On a cold night in January 2012, Dustin Bergsing climbed on top of a crude oil storage tank in North Dakota’s Bakken oilfield. His job was to open the hatch on top and drop a rope inside to measure the level of oil. But just after midnight, a co-worker found him dead, slumped next to the open hatch.
Even though an autopsy showed Bergsing had hydrocarbons in his blood — things like benzene and butane — the Occupational Safety and Health Administration’s investigation found no safety violations. And it didn’t fine the oil company.
Reporter Mike Soraghan came across Bergsing’s case while researching oilfield fatalities for EnergyWire, an online business publication.
“A 21-year-old kid just sort of dies out in the middle of nowhere and nothing happens?” Soraghan says. “I just remember reading through it and thinking, ‘That’s it?’ ”
With the help of Dr. Bob Harrison, who specializes in occupational and environmental medicine, and the National Institute of Occupational Safety and Health, a pattern was uncovered: nine oil workers found dead on oil pads in the past six years, many of them young and otherwise healthy.
Based on Bergsing’s autopsy, Harrison believes they passed out after they opened oil-tank hatches and were engulfed in large amounts of petroleum gases.
“It was one of those ah-ha moments that I have every so often in my career as a doctor treating patients with toxic-chemical exposures,” he says.
Families of at least six of the deceased are suing their employers. Since last year, NIOSH has warned the industry about the hazard, but exposure continues — in part because another federal agency’s rules make it difficult to use safer measurement methods.
The Bureau of Land Management is in charge of oil development on federal land, and critics say the agency is wary of technology that might not be as accurate as putting guys on top of tanks to measure oil by hand. There’s public money at stake — royalties that are paid by the oil companies on the exact amount of oil coming out of the ground.
“If it’s a public asset, then the taxpayer deserves to have their money, their assets, protected,” says Steve Wells, who oversees oil production for the agency.
And since 1989 — the last time the rules were updated — the industry practice for protecting those assets is to measure them manually by dropping a rope into the tank, as Dustin Bergsing did when he died.
The agency is updating those rules this year, but Wells won’t say whether the new rules will allow automated oil measurement. One thing the rules definitely won’t do is ban measuring oil levels by hand.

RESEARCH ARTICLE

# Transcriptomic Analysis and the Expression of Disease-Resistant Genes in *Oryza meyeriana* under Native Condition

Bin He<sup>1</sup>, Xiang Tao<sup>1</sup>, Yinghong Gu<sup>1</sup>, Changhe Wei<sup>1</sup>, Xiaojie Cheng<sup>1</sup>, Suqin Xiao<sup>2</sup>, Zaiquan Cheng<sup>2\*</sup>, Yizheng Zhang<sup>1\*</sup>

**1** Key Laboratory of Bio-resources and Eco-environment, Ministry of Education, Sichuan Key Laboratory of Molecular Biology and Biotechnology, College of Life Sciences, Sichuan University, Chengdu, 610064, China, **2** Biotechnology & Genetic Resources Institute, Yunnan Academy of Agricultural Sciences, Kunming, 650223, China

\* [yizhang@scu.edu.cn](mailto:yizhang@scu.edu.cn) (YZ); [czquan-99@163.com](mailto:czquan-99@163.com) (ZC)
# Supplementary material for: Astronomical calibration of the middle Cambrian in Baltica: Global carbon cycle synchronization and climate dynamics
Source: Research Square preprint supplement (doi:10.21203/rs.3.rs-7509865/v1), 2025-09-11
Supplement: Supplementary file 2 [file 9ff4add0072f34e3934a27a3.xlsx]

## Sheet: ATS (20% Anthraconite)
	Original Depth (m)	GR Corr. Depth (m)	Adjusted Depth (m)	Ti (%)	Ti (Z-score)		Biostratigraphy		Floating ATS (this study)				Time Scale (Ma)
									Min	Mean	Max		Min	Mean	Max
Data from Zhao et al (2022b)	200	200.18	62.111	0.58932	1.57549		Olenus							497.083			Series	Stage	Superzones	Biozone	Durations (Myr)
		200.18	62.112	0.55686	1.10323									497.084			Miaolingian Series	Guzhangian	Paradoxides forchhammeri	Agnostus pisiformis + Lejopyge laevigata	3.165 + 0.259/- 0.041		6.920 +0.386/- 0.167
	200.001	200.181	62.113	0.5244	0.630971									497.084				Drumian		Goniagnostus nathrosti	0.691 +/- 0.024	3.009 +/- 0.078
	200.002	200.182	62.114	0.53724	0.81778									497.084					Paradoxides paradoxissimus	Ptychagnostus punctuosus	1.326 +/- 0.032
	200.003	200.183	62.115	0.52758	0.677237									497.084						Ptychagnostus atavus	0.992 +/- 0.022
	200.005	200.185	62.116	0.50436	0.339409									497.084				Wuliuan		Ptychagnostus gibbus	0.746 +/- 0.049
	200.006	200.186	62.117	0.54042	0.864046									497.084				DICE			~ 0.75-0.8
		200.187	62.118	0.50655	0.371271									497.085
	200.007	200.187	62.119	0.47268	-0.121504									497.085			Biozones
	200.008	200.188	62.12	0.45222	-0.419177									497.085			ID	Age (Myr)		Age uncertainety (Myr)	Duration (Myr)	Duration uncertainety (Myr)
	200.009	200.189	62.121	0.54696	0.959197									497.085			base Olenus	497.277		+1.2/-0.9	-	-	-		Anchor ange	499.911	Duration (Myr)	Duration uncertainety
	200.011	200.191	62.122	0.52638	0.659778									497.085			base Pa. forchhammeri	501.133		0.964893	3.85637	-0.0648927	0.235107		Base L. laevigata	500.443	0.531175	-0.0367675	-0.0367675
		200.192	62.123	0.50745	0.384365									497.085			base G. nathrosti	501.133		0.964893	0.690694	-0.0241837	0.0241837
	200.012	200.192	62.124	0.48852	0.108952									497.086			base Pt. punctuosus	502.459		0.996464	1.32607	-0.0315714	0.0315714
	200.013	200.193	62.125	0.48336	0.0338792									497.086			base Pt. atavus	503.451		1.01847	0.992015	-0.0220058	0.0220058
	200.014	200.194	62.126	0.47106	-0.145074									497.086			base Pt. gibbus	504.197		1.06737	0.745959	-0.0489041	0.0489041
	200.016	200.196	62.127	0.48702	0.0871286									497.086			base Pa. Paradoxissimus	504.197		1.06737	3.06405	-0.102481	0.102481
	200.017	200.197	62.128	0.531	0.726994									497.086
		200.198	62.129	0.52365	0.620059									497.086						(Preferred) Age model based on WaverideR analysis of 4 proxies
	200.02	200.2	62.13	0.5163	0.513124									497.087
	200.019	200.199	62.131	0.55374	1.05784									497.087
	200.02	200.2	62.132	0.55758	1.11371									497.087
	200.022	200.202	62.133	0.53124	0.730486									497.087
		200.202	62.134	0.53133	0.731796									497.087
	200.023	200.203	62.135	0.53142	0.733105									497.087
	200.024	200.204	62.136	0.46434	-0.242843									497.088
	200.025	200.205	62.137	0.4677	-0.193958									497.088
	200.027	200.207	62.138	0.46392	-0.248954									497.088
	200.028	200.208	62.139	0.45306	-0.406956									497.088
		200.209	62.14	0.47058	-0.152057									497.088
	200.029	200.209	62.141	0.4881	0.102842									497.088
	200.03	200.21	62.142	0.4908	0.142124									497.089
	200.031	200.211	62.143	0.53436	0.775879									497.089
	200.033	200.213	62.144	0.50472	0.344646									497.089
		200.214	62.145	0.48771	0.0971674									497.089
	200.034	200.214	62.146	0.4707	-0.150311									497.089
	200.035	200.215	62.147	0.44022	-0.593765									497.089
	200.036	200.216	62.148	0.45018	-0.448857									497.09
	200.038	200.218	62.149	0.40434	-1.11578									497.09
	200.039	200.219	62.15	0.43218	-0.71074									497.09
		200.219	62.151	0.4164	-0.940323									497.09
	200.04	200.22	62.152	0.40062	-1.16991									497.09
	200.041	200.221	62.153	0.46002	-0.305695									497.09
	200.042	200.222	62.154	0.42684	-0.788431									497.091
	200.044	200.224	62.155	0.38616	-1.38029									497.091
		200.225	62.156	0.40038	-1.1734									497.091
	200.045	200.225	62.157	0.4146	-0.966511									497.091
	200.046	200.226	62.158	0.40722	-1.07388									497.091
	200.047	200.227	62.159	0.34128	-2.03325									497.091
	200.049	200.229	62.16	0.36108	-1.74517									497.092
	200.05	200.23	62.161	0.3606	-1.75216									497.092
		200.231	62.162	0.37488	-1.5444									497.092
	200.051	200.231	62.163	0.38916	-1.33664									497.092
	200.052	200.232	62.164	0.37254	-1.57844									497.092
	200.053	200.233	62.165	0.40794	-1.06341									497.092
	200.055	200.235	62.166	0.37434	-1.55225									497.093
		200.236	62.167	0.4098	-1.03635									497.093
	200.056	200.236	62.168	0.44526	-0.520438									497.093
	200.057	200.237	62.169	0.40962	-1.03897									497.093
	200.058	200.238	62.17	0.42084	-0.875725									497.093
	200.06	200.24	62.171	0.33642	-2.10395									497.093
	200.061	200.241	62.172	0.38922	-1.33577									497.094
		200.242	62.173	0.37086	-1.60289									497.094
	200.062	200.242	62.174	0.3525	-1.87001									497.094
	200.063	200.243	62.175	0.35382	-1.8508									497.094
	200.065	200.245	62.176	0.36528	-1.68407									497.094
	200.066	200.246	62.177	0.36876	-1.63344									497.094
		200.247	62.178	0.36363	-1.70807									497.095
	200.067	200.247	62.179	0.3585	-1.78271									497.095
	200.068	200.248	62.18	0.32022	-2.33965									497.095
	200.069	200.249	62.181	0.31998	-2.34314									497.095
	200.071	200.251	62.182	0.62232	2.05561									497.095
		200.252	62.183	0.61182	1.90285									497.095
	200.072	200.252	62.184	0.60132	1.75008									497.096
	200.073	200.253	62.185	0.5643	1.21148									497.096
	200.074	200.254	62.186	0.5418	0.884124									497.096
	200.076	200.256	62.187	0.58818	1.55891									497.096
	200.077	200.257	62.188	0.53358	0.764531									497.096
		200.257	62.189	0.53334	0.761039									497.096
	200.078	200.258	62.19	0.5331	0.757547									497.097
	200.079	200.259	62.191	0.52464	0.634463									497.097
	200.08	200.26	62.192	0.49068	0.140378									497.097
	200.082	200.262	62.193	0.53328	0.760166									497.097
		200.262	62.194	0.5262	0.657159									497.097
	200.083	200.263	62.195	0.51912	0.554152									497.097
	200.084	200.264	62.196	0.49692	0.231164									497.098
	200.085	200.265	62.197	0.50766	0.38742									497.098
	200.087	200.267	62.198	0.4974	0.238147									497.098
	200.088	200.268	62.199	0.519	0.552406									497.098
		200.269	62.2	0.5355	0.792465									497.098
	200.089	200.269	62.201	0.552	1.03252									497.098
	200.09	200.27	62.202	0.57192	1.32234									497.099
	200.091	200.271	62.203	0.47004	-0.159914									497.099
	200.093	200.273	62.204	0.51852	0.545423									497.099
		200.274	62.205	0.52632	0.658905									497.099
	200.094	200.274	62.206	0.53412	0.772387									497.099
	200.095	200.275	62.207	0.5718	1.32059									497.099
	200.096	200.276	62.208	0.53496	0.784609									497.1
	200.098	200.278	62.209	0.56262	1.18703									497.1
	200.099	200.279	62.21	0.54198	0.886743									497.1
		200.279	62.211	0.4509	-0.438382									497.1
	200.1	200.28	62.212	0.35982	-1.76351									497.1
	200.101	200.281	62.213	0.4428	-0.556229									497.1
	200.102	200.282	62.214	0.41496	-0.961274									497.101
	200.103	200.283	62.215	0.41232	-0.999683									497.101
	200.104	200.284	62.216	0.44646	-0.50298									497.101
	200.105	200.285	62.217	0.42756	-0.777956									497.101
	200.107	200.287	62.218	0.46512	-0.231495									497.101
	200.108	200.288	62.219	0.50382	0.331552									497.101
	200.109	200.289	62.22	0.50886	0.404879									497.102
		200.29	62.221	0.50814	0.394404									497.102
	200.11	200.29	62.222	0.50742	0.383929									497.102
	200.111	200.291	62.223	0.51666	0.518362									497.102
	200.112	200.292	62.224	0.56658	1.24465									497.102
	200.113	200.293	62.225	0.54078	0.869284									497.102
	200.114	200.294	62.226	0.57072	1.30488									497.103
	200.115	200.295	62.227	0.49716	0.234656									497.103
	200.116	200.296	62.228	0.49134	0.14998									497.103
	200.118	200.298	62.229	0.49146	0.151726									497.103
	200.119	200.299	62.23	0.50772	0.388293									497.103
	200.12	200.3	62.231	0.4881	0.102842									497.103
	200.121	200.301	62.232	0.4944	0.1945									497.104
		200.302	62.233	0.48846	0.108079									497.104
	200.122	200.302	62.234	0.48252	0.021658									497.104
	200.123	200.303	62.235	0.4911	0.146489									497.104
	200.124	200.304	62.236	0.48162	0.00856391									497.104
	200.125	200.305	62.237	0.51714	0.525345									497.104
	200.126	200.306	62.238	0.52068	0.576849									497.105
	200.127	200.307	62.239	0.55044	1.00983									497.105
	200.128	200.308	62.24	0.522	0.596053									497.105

“You have some very old facilities, very simple tanks, so the idea is that we’re trying to accommodate all the different operations,” Wells said. And with 83,000 oil wells on federal land and a $2,000-per-tank cost for automatic measurement equipment, Wells said requiring such an upgrade would cause some companies to shut down.
Truck driver Ryan Ehlis makes his living hauling crude oil in North Dakota, and has some first-hand experience with the dangerous fumes. Like Dustin Bergsing, he spends a lot of time climbing atop large oil-storage tanks and opening their hatches to measure the oil.
He says that he tries to avoid the gases, but just the day before he had a dizzy spell after climbing back down from one of the tanks.
“If there’s gas in your face, kind of hold your breath and then get your gauge and then step away and get into the fresh air and [take a deep breath] — and then go do something again,” he says. “But you can’t avoid it entirely.”
That’s needless, nonsensical exposure, says Dennis Schmitz, an oil and gas safety trainer. Automatic measurement is common in Canada and in the offshore oil and gas industry, which isn’t regulated by the Bureau of Land Management. In fact, Schmitz used such equipment on tanker ships.
“And I never really questioned, ‘Why is it in the offshore environment that I don’t breathe the vapors there, and I do breathe them here?'” he says.
Ehlis says he’s thought about getting a safer job — particularly after seeing a truck on an oil-well pad explode into “nothing but a huge orange fireball probably 50 feet in the air” — but that nothing in the area pays as well.
So Ehlis keeps driving, keeps climbing oil tanks and opening their hatches, keeps lowering a rope into the tank to measure the level.